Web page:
Light rail is scheduled to start operation into downtown Mesa later this month. There will also be some changes to bus routes. Mesa vice mayor Dennis Kavanaugh will tell us more.
TED SIMONS: Light-rail is scheduled toe be up and operational in downtown Mesa later this month. The extension means changes in mass transit schedules and changes in Mesa. Here now is the city's vice mayor Dennis Kavanaugh. Good to have you here.
DENNIS KAVANAUGH: Thank you, Ted.
TED SIMONS: Good to see you again, now when will this extension actually open?
DENNIS KAVANAUGH: Well, believe it or not it's opening seven months early, ahead of schedule, on budget, on August 22.
TED SIMONS: August 22. Now where will the new track go?
DENNIS KAVANAUGH: The new track will be extending from the existing station at Dobson/Sycamore station over to just past Mesa Drive, about a 3.1 mile extension.
TED SIMONS: So, 3.1 miles. How many more -- four more stops there?
DENNIS KAVANAUGH: four new stations, yes. They will be at Alma school, Country Club Center and Mesa Drive.
TED SIMONS: How about park and ride areas?
DENNIS KAVANAUGH: We'll be adding - right now we have a large park and ride at Sycamore station, about 800 spaces. We'll be adding another large one at Mesa drive with 500 spaces.
TED SIMONS: 500, huh. These park and rides basically anyone and their brother can park there, jump on the light-rail, spend all day, come back, pick up your car and go.
DENNIS KAVANAUGH: Makes it pretty easy.
TED SIMONS: new riders, how many expected?
DENNIS KAVANAUGH: About 5,000
TED SIMONS: Per day?
DENNIS KAVANAUGH: Per day, yes.
TED SIMONS: and do we know who these new riders are going to be?
DENNIS KAVANAUGH: Based on our existing demographic it's a whole lot of folks. A lot of students, a lot of people going to events downtown, Tempe, or into Phoenix. People just going to work. Commuting. People going to doctors' appointments. During the day is really very consistent even outside of rush hour. That was a big surprise to us in analyzing the ridership throughout the years. Very good cross-section of society.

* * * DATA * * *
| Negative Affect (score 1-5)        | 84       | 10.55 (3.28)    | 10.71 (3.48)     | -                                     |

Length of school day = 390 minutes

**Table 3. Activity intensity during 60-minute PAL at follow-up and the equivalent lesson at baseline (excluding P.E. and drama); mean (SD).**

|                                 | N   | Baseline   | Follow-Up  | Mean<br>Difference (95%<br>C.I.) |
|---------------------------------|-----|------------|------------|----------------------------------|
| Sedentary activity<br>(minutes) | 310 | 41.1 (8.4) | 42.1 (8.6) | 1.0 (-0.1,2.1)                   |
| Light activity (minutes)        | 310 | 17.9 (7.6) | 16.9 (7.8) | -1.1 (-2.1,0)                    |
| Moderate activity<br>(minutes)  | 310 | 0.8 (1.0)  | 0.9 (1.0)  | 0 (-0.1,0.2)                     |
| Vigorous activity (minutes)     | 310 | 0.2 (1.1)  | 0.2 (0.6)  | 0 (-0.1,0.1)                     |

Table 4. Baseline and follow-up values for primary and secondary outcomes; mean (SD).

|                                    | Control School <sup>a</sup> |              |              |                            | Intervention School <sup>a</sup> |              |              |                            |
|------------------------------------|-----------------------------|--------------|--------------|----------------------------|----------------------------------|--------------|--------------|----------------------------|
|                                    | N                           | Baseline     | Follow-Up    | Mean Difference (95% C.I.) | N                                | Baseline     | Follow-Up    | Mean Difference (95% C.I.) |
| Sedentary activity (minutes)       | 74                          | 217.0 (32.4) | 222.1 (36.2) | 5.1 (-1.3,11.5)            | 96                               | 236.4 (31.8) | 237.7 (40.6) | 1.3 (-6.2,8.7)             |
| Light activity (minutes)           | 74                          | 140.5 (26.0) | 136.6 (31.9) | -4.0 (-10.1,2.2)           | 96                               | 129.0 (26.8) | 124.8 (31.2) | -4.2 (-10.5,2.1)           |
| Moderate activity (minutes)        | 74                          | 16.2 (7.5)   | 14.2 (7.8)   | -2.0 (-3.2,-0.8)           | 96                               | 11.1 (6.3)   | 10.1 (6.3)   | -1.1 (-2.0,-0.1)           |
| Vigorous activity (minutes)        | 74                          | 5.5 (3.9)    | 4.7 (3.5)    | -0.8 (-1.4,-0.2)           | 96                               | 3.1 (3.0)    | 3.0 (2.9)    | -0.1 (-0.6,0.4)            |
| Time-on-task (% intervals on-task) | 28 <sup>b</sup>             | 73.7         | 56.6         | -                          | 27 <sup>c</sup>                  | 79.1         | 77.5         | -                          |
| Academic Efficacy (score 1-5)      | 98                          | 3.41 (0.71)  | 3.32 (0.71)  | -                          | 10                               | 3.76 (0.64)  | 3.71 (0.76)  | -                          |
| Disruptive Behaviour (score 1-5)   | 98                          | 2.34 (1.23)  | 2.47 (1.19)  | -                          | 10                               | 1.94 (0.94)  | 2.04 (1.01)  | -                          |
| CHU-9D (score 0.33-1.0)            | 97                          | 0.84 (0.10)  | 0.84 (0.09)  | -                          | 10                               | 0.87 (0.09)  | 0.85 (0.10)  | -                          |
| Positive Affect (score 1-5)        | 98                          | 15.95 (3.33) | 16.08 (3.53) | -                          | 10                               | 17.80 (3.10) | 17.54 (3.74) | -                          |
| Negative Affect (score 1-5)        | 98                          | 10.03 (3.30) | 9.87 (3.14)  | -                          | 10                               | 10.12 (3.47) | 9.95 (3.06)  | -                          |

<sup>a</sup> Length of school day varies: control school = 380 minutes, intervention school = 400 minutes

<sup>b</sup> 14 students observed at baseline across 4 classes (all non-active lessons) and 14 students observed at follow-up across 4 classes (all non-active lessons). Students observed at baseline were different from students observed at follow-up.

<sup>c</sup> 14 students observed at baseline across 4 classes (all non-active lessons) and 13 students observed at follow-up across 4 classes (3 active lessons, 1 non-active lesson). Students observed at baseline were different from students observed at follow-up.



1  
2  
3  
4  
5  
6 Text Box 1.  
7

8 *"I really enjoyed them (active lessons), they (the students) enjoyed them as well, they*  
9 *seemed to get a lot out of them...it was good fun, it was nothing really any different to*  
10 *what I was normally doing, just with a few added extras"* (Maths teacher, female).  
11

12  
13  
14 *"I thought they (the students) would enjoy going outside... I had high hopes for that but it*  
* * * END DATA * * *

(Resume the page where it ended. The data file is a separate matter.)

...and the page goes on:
TED SIMONS: And as far as the cost for this extension, what are we looking at?
DENNIS KAVANAUGH: It was $199 million.
TED SIMONS: so just below 200.
DENNIS KAVANAUGH: just below 200.
TED SIMONS: How funded?
DENNIS KAVANAUGH: Combination of federal and state funds. This particular project was 60% federal and 40% local/regional money.
TED SIMONS: the importance to downtown Mesa in general, the importance to Mesa in general, but because we hear criticism all the time, it doesn't make that much of a difference. The businesses that are there suffer through so much construction they can never survive. What are you seeing out there? I know what you want to see. Realistically are those criticisms valid?
DENNIS KAVANAUGH: not really because what light-rail does throughout the country, what it's done in the valley, what it will do for Mesa, it increases connectivity. For us in Mesa particularly it increases connectivity to our arts and cultural institutions in downtown Mesa, the three museums, the Mesa Art Center. It increases access/connectivity to educational institutions, for colleges that are in downtown. It creates connections to our Mesa convention center, adds additional support and connection to go to spring training. For us, it really opens up a lot of possibilities for connecting people from the rest of the valley to downtown Mesa.
TED SIMONS: in addition to connectivity we always hear when light-rail is discussed development and development plans are always a factor there. What do you think?
DENNIS KAVANAUGH: economic development is really a key factor on any light-rail line. I think we just released analysis here in the valley showing there's been about 8.2 billion of investment along the original 20-mile segment. We have anticipated now about $90 million of new investment along the central Mesa extension. We think that trend will continue. We're looking to see new housing. We already have new housing coming in in downtown. Hopefully other kinds of businesses occupying space that's vacant or under-used. We think it will strengthen our historic neighborhoods there as well but housing is one of the things we expect to see happen.